In many cases, we’re talking about people chasing a shiny object looking to make their quick buck and perhaps get a bit of a rush from it in the process. Yet, as an investment strategy, we would borrow from the quote posted below this newsletter’s headline – after very careful consideration, we’ve come to the conclusion that these ideas, as wealth creation strategies, stink.

©Michael Crawford/New Yorker

Defense wins championships
You don’t have to be a gambler to get rich in the stock market. You do need to pay attention to price, the quality of the business, and the strength of the company’s balance sheet. You also need to demonstrate an abundance of patience as you await what could be your generous reward.

The great irony of the rabid speculative activity we’ve just outlined is the timing of it all. It occurs just as the economy is poised to lay the foundation for investment success in the most traditional segments of the market.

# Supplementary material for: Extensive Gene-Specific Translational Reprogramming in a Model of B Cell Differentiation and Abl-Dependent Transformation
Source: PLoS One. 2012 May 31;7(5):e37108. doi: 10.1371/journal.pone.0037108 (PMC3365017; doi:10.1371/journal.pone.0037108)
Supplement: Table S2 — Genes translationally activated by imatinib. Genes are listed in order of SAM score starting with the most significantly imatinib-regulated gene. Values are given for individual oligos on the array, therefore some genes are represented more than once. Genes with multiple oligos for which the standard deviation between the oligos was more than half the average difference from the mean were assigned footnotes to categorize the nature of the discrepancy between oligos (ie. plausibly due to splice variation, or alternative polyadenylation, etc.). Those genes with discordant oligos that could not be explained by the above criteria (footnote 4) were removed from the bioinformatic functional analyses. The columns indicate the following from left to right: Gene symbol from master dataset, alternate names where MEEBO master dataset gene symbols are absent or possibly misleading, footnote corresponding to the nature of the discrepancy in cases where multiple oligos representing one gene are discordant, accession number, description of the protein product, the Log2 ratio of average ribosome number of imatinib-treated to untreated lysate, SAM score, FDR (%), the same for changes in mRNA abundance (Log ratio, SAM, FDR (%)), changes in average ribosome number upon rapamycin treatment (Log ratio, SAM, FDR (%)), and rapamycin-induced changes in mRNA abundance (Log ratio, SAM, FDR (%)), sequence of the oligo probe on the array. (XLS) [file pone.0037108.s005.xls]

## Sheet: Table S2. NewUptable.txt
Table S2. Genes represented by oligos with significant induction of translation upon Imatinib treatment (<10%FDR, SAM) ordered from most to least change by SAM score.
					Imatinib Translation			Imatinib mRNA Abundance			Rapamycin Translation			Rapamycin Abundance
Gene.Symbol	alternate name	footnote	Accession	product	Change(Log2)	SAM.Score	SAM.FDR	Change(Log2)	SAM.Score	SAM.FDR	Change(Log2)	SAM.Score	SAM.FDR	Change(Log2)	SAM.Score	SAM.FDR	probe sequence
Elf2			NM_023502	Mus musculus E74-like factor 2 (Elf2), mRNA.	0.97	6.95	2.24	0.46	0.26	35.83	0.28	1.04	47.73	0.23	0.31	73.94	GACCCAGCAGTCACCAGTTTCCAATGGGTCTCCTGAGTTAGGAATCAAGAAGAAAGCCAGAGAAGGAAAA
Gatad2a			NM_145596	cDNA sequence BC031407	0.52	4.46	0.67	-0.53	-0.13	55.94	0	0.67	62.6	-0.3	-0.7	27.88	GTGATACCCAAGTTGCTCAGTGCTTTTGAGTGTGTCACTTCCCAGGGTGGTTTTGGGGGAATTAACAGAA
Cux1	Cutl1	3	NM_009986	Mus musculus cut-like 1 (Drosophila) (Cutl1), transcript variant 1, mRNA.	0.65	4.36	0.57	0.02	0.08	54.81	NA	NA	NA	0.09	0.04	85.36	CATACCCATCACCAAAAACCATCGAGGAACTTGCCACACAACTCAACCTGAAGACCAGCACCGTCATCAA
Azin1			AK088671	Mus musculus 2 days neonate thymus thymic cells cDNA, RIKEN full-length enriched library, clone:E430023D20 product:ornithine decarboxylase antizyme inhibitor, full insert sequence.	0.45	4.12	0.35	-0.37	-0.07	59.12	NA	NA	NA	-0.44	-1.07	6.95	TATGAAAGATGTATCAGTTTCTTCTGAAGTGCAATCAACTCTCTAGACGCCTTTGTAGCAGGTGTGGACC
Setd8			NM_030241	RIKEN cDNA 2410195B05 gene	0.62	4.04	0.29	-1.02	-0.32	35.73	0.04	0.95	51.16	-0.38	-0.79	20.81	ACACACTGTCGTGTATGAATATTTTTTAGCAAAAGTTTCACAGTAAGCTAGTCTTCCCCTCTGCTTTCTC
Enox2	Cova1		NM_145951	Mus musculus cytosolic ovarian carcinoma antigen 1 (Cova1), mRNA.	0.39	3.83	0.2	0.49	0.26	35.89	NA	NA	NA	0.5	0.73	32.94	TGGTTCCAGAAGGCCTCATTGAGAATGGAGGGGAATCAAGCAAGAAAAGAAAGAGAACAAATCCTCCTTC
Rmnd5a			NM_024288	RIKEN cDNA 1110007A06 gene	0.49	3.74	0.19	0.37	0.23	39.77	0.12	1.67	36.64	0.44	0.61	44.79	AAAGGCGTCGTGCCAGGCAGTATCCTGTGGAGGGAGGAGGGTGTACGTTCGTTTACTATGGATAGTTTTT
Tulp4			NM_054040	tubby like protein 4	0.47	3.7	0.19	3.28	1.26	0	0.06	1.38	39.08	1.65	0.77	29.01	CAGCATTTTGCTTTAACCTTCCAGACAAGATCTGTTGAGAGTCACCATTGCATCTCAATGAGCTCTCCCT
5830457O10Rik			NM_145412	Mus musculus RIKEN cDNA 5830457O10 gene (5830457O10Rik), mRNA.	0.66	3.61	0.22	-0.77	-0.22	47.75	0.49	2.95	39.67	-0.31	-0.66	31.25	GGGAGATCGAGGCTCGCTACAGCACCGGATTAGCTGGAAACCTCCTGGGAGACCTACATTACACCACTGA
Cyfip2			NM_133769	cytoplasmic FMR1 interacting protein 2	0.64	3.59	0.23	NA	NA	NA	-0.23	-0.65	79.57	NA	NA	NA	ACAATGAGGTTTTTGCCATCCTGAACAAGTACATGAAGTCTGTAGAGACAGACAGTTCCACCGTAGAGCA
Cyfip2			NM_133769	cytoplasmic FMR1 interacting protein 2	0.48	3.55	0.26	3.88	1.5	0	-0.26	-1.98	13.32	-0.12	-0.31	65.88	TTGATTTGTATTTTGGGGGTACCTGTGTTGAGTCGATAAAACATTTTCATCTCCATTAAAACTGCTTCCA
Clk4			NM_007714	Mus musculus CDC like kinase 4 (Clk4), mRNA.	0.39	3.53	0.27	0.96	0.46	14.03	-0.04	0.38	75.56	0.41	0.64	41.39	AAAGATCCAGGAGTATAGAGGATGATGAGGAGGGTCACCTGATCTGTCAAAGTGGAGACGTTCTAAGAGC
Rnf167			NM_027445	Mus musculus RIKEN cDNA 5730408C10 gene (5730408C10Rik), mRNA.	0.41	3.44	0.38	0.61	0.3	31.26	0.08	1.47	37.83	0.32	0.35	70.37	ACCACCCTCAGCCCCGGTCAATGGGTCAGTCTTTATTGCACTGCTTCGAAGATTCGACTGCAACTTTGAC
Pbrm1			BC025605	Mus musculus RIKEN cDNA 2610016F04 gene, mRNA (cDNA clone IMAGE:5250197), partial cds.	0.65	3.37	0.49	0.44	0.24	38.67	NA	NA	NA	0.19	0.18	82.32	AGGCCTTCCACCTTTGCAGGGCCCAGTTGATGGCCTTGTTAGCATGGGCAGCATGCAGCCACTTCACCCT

Amidst this strong foundation, what many are overlooking is the most successful investment approach in the history of the markets – value investing. It is an investment style that recognizes the reality that good businesses often encounter challenging periods where earnings may be unimpressive compared to those of other companies. It is at times like these that such stocks may fall out of favor. This represents a real opportunity to invest in companies that are well positioned for the long run, provided you have the patience to see through their challenges. This is in sharp contrast to choosing speculative investments at excessive prices that will be hard pressed to live up to the lofty expectations that have been set by the market. We’ve pointed out prime examples of this in the past, like Cisco and Corning. Both are thriving businesses that will play an instrumental role in shaping our promising future. Yet despite enjoying robust growth, these stocks are not immune to the consequences of the aftershocks of a market mania. Their prices reached a peak during the dot-com craze in 1999 and 2000, but even more than 20 years later, have yet to scale those same heights. There are likely more investments in today’s market positioned to sap wealth from investors.